Dale Bremner with his ARRI Amira and master primes in Australia’s Red Centre.
Cinematographer Dale Bremner chose the ARRI Amira and a set of ARRI master primes for one of his toughest shoots at the heart of the continent in Australia’s Red Centre .
Bremner selected the ARRI Amira based on the shoot’s deliverables, requirements and predicted hurdles which included having 4K output integrated into a 3D dome experience for the Seven Sisters Uluru exhibition in the National Museum of Australia.
Plates were shot for the dome along with a short 2D narrative film, narrated by an indigenous elder, to accompany the story. According to Bremner the Amira was an obvious choice for the project. “Firstly, the camera’s reliability factor played a big part as the fact that we were shooting seven hours out of Alice Springs in such a remote and harsh environment gave us no backup should the camera fail or suffer media corruption. In other words camera reliability was paramount - there was no plan B in case something went wrong. I had taken the Amira on previous longform jobs before and it has never skipped a beat, even in scorching temperatures.”
Dale Bremner on location.
Bremner also highlighted the camera’s features and usability adding, “The Amira’s internal NDs are a big plus as the Australian sun is harsh and unforgiving, especially in the desert. Dust and filters are not always the best combination and keeping the filtering inside the camera was not only completely logical it was extremely practical under those exposed conditions. Some of our setups were on the side of cliffs and on uneven terrain, places where you don't want to be swapping out filters.”
To pay homage to the vastness of the outback and tranquillity of such a spiritual realm the majority of the project was shot using the ARRI 12mm Master Prime lens.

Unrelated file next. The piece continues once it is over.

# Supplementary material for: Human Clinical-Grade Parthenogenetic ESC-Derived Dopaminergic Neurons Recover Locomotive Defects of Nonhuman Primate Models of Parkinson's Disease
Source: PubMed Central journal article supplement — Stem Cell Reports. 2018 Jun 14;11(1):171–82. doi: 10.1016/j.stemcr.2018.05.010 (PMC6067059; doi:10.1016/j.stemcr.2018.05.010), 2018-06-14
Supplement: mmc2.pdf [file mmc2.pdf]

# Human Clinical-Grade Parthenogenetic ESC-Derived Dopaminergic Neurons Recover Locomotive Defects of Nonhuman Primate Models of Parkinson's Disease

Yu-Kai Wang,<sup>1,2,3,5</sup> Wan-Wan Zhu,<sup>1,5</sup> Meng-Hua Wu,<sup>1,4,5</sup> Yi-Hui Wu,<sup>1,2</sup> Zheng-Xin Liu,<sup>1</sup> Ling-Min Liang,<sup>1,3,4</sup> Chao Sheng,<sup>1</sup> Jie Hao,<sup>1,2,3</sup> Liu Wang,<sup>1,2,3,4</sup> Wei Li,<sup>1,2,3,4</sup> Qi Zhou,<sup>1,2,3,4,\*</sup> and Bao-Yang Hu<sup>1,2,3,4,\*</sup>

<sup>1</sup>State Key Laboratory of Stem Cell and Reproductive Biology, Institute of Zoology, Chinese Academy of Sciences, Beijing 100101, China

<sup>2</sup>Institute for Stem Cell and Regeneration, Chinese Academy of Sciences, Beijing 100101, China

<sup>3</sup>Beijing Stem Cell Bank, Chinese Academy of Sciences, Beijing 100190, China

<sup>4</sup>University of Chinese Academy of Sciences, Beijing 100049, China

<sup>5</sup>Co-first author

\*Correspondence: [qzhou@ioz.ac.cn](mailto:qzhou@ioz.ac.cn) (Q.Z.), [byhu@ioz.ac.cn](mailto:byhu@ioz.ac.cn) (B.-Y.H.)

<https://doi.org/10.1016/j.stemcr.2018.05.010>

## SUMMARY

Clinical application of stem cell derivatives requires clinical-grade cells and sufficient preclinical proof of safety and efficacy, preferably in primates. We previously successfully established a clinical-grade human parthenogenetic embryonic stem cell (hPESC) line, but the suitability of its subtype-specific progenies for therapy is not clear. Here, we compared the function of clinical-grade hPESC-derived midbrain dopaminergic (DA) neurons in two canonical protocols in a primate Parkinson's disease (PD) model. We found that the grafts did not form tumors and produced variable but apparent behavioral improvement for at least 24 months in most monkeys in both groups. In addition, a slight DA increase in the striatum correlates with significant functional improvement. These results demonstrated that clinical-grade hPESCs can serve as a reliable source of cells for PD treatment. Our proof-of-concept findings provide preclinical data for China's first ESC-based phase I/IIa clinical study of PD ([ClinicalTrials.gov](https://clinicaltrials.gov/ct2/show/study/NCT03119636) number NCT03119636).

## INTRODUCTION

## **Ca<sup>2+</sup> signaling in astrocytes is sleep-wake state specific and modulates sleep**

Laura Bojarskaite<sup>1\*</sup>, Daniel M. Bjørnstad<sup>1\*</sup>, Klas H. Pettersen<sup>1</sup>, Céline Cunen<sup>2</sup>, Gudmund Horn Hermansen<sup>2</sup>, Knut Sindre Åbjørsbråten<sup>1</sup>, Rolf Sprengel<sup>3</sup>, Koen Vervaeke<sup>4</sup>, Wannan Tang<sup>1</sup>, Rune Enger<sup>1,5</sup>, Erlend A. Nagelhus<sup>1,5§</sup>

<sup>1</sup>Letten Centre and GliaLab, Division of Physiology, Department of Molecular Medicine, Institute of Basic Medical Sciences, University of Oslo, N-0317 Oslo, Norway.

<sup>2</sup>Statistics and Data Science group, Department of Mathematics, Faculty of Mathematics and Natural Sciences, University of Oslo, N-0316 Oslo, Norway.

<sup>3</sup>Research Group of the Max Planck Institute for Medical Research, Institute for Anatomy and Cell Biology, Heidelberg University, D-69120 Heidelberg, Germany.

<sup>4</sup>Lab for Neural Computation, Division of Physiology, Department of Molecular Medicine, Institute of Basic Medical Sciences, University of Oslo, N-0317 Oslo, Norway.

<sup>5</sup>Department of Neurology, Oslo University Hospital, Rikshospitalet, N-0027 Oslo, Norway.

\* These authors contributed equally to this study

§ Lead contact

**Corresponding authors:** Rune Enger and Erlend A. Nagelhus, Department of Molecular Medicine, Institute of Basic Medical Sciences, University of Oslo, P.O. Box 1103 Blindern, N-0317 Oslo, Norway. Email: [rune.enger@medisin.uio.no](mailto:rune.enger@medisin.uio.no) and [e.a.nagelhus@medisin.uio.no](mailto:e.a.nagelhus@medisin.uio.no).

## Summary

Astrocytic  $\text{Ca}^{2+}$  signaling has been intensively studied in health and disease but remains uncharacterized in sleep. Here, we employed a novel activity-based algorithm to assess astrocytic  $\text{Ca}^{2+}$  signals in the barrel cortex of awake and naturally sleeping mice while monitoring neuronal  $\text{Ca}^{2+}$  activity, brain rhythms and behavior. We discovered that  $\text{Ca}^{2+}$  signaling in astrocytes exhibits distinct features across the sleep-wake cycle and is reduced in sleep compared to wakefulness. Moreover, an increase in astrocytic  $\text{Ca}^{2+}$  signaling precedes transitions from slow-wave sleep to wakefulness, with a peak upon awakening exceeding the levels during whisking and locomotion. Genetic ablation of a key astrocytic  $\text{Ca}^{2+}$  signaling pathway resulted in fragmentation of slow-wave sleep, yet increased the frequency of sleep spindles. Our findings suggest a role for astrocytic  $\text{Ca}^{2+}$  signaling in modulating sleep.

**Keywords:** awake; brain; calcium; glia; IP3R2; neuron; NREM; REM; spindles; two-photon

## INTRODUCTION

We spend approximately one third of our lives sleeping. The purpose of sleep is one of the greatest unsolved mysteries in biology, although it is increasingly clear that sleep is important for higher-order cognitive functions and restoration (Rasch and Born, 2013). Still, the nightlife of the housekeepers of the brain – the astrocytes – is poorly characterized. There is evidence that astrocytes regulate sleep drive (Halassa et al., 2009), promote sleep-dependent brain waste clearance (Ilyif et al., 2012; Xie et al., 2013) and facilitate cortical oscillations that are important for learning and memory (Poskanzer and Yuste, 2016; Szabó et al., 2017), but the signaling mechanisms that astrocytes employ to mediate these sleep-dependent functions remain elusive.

Bremner explained, “A lot of 100mm macro shots were integrated into the project as well, dancing at both ends of the spectrum. The spiritual indigenous dreamtime stories are told through the land and history of the indigenous arts and I wanted the camera to be as unobtrusive and to have as little influence on the look as possible. I didn't feel it was right to add an artistic style or visual signature of my own to the story and the footage conveys results we got as the proof is in the pudding.”
Outside of the plates to be integrated into the project dome piece, the narrative was shot at varied frame rates - predominantly 60fps off a 4ft slider. Bremner and his small crew shot in a multitude of conditions at dusk, dawn, night and direct daylight both inside and outside a sacred cave.
He added, “Magic hour is predictable and safe, however through the intense daytime, the contrast from the cave and the full blooded indigenous elders’ skin tone against the desert sun was unlike anything I had faced before. This presented some fascinating challenges and gave the Amira a chance to ultimately flex its dynamic range. I’m delighted to say it passed with flying colours.”
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